Choosing the correct camera to operate in the ambient light conditions
is possibly the most important although most tricky specification to
Light levels are usually measured in Lux. This is a measure of the light
energy arriving on an area 1m2 of surface per second.
Typical light levels are:
- Full Summer Sunlight: 50,000 Lux
- Dull Daylight: 10,000 Lux
- Shop/Office environment: 500 Lux
- Dawn/Dusk: 1 - 10 Lux
- Main Street Lighting: 30 Lux
- Side Street Lighting: 0.5 - 3 Lux
The golden rule when deciding which camera to use for a given lighting
condition is not to choose one that will only just give a picture. Try
to give the camera approximately 10 times its quoted minimum scene
illumination. Most cameras will be able to cope with excess light. The
major problem is when they do not have enough light to produce a
The sensitivity of covert cameras with pin-hole lenses are often quoted
as 0.1Lux @f1.4. This seems to indicate that the camera will work in ľ
moonlight. Actually the pin-hole lens will have an aperture ratio of
something like f4 and so the camera will need approximately 1 Lux to
produce a picture.
Unless your house is directly under main-street lighting the light level
is probably less than 1 Lux at the front and even lower at the back.
Bright security flood lights in theory help but often produce dark
shadows a short distance from the house.
A monochrome camera rated at 0.05 Lux will produce reasonable results.
Color needs a little more. However, color cameras achieve good
night-time vision by switching to a monochrome mode. You will never get
good night-time color pictures without huge amounts of additional
lighting. So think carefully about the added cost of color over
monochrome cameras. As most people are used to color television it sets
a standard so it is very common to still select a color camera knowing
it will switch to monochrome mode at night.
Monochrome cameras respond well to additional IR (infra red) lighting.
With this in mind true night-vision cameras include a ring of IR LEDs.
Color cameras also offer IR illumination but as stated previously will
switch to monochrome at night even with the IR LEDs turned on. These are
true night-vision cameras and are rate at 0 Lux.
How does IR work?
The human eye can see in the visible light portion of the spectrum chart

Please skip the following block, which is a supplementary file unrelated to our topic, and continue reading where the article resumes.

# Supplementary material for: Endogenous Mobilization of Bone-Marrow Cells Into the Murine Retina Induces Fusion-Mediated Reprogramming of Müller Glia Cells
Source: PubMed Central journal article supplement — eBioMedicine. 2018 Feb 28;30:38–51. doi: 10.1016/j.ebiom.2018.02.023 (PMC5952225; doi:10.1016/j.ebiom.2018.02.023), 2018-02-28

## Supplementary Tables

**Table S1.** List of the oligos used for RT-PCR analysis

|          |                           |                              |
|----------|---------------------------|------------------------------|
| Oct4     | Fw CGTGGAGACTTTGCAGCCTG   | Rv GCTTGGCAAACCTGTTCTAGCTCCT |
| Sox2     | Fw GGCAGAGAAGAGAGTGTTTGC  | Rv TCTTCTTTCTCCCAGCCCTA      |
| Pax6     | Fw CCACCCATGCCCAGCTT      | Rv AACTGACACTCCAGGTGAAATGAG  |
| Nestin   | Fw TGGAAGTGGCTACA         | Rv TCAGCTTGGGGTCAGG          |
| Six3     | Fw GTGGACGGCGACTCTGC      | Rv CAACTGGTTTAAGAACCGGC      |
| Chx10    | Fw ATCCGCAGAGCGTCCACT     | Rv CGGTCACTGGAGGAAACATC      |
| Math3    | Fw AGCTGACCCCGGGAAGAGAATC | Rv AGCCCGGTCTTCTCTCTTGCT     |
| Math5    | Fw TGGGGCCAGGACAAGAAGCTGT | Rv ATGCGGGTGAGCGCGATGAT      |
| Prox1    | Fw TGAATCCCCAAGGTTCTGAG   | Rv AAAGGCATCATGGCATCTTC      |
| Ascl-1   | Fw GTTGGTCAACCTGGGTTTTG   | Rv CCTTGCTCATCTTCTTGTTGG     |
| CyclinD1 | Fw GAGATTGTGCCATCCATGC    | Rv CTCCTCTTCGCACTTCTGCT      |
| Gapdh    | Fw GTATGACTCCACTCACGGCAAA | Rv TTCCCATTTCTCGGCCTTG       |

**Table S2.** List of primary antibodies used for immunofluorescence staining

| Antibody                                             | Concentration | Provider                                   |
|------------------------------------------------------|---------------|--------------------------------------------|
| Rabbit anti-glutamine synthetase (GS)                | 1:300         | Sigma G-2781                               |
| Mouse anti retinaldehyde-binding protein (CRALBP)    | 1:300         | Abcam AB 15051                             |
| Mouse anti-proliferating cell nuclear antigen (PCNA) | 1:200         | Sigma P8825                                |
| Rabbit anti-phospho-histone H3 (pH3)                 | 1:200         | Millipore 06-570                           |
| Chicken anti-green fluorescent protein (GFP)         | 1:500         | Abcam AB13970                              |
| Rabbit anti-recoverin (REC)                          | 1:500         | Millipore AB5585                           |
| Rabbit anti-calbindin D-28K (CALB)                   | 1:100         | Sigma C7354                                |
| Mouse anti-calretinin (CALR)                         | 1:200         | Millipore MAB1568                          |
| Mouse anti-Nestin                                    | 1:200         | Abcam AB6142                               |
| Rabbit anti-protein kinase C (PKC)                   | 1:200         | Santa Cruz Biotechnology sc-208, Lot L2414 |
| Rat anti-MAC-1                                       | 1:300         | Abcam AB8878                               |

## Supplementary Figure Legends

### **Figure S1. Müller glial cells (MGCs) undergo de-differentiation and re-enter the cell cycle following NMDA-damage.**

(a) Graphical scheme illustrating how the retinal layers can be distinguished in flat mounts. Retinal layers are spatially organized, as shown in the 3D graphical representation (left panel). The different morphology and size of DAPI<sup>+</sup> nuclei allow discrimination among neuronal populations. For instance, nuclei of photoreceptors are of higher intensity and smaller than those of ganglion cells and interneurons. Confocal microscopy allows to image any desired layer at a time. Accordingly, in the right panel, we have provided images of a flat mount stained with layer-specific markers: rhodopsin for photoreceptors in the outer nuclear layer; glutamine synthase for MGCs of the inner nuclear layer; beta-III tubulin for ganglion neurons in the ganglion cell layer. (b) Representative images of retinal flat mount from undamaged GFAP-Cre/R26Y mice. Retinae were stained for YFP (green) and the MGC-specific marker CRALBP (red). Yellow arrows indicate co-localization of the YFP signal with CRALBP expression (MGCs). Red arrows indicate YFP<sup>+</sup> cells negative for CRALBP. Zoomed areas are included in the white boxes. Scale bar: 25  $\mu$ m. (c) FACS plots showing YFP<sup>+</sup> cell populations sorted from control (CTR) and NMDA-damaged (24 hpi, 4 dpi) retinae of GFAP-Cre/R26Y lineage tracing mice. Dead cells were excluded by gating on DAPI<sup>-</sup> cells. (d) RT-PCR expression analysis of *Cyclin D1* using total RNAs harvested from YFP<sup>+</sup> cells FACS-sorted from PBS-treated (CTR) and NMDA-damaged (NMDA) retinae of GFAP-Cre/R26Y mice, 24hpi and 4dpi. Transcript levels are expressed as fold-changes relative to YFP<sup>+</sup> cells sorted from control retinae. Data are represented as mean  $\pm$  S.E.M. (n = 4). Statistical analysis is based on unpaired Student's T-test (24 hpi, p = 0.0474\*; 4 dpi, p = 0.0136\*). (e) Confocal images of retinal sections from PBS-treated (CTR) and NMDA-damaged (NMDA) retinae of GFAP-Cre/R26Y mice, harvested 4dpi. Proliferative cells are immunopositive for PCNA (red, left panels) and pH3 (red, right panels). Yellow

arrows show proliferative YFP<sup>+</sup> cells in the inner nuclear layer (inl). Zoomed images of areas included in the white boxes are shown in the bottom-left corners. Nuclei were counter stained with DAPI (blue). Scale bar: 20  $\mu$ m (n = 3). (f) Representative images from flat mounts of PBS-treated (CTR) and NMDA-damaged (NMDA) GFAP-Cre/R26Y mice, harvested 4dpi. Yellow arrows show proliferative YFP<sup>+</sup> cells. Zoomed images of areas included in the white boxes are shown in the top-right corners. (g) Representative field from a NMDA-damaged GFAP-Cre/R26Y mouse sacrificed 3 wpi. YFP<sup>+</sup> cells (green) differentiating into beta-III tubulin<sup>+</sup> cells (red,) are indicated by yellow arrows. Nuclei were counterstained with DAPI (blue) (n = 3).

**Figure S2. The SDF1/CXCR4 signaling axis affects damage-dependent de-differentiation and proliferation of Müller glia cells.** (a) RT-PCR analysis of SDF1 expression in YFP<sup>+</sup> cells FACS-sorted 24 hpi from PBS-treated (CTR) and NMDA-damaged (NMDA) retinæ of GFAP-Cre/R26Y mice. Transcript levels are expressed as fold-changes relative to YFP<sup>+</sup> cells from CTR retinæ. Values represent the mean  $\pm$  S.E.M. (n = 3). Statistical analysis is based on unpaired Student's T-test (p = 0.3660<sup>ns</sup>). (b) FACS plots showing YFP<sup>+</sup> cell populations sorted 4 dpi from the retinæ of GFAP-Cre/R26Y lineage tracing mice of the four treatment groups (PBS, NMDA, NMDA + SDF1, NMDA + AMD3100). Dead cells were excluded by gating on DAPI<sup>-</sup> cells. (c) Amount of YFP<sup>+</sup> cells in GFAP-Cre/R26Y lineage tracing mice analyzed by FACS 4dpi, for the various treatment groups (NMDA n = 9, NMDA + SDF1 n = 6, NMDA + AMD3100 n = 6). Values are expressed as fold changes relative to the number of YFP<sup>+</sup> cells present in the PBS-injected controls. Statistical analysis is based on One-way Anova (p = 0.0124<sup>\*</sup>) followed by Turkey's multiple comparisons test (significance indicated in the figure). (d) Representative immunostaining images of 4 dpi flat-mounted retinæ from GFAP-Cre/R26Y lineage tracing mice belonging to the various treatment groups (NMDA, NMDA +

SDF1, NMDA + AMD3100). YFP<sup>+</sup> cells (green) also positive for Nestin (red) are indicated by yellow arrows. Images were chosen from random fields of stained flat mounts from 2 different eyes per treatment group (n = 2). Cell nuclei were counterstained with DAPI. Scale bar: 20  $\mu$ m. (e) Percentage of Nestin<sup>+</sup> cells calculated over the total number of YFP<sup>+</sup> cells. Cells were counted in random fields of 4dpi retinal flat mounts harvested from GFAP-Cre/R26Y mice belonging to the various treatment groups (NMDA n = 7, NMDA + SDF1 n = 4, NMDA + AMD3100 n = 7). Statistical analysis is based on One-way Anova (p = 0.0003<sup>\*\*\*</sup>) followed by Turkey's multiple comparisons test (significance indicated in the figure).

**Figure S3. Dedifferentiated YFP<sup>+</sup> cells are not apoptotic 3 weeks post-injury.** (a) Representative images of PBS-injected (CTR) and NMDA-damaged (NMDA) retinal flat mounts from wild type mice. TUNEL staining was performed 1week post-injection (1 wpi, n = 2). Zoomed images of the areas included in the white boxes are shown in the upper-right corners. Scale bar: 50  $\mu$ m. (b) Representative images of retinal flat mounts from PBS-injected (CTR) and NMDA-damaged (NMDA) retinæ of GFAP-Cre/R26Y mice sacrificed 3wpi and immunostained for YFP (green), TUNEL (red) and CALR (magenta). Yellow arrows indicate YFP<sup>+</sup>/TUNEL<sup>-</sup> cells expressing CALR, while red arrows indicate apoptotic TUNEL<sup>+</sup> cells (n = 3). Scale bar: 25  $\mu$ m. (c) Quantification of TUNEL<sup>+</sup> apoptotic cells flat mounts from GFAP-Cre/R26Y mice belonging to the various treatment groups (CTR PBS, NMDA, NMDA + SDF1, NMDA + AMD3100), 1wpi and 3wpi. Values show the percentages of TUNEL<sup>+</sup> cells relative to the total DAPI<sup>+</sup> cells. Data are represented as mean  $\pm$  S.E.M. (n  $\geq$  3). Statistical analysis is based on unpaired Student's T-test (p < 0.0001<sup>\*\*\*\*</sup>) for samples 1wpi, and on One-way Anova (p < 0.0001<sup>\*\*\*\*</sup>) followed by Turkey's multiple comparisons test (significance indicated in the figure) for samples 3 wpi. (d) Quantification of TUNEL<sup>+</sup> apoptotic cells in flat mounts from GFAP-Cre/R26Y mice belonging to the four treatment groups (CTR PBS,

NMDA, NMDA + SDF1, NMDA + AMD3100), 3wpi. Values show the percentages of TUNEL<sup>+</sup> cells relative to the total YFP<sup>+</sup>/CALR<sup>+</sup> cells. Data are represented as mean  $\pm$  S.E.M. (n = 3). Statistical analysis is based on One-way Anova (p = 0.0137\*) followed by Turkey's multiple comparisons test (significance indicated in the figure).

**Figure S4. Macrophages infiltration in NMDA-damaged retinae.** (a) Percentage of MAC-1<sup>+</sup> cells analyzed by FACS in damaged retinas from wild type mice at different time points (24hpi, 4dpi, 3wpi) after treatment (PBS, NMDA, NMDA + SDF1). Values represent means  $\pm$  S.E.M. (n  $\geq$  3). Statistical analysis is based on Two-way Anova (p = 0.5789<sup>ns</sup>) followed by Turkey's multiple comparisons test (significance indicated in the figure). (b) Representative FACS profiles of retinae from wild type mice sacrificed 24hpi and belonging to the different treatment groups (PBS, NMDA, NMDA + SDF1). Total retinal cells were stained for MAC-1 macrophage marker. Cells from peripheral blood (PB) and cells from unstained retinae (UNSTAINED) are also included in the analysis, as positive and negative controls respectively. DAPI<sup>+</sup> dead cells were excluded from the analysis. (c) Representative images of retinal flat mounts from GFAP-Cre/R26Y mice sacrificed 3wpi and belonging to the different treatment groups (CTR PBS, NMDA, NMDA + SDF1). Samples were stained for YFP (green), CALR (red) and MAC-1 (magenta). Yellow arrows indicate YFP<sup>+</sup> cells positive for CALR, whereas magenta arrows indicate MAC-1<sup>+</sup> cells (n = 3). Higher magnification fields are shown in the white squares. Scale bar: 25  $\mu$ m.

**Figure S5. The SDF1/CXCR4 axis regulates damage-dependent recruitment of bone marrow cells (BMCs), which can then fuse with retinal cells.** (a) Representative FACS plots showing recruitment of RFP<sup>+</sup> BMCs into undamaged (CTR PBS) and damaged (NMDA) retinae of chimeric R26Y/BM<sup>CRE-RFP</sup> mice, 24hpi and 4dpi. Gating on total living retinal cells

(below). Above visible light is infrared (IR). The CCD or CMOS device
inside your security camera can detect IR light and use it to help
illuminate the area viewed.
IR Cameras are cameras that emit IR so that the area in front of the
camera can be seen in total darkness. ONLY black and white (B/W) cameras
are affected by IR illumination. Color cameras will detect IR to a much
lesser degree. Take your TV remote and press a button while pointing it
at your camera for a simple demonstration of how a CCTV camera can see
- Resolution is measured in lines and normally only horizontal
resolution is quoted.
- Vertical resolution of a camera is of little interest because
pictures are generally speaking limited by the scanning system used to
produce the image.
In the UK and Europe this is the CCIR system, which defines that a
picture is built-up from 625 lines across the screen. Of more interest
in measuring camera performance is horizontal resolution. This is the
maximum number of black or white areas that can be identified across
the picture. This is always specified per monitor height.
A typical general purpose monochrome camera has a horizontal
resolution of 380 lines. This means that it should be possible to
resolve 380 x 1.33 i.e. 505 individual actual lines of black, white or
grey along any one line of a CCTV picture image. (The factor of 1.33
comes from the fact that a TV picture has an aspect ratio of 4 : 3)
Typical resolution performances for
CCD cameras are as follows:
- Medium Performance (General purpose) Monochrome 380 lines
- Medium Performance (General purpose) Color 420 lines
- High Resolution Monochrome 600 lines
- High Resolution Color 540+ lines.
Cameras will be quoted as 1/2", 1/3" or occasionally as
2/3". Newer cameras will be referred to as 1/4". This refers
to the format of the camera and defines the size light-sensitive area of
the imaging device used in the camera. In itself it gives no measure of
a cameraís performance although generally the smaller the format size,
the smaller the light gathering area of the sensor. It is provided for
information to enable the installer to match the camera to the correct
lens. Camera formats are getting smaller in order to reduce the costs of
the imaging devices and hence the cameras themselves as well as the
lenses put onto them.
The format size of a lens must be equal to or greater than the format
size of the camera it is being used on.
If the lens is of smaller format size than the camera then the corners
of the scene being viewed will be cut-off (vignetting).
What is NTSC, PAL, Secam?
There are 3 main standards in use around the world.
N T S C
P A L
S E C A M
Each one is incompatible with the other.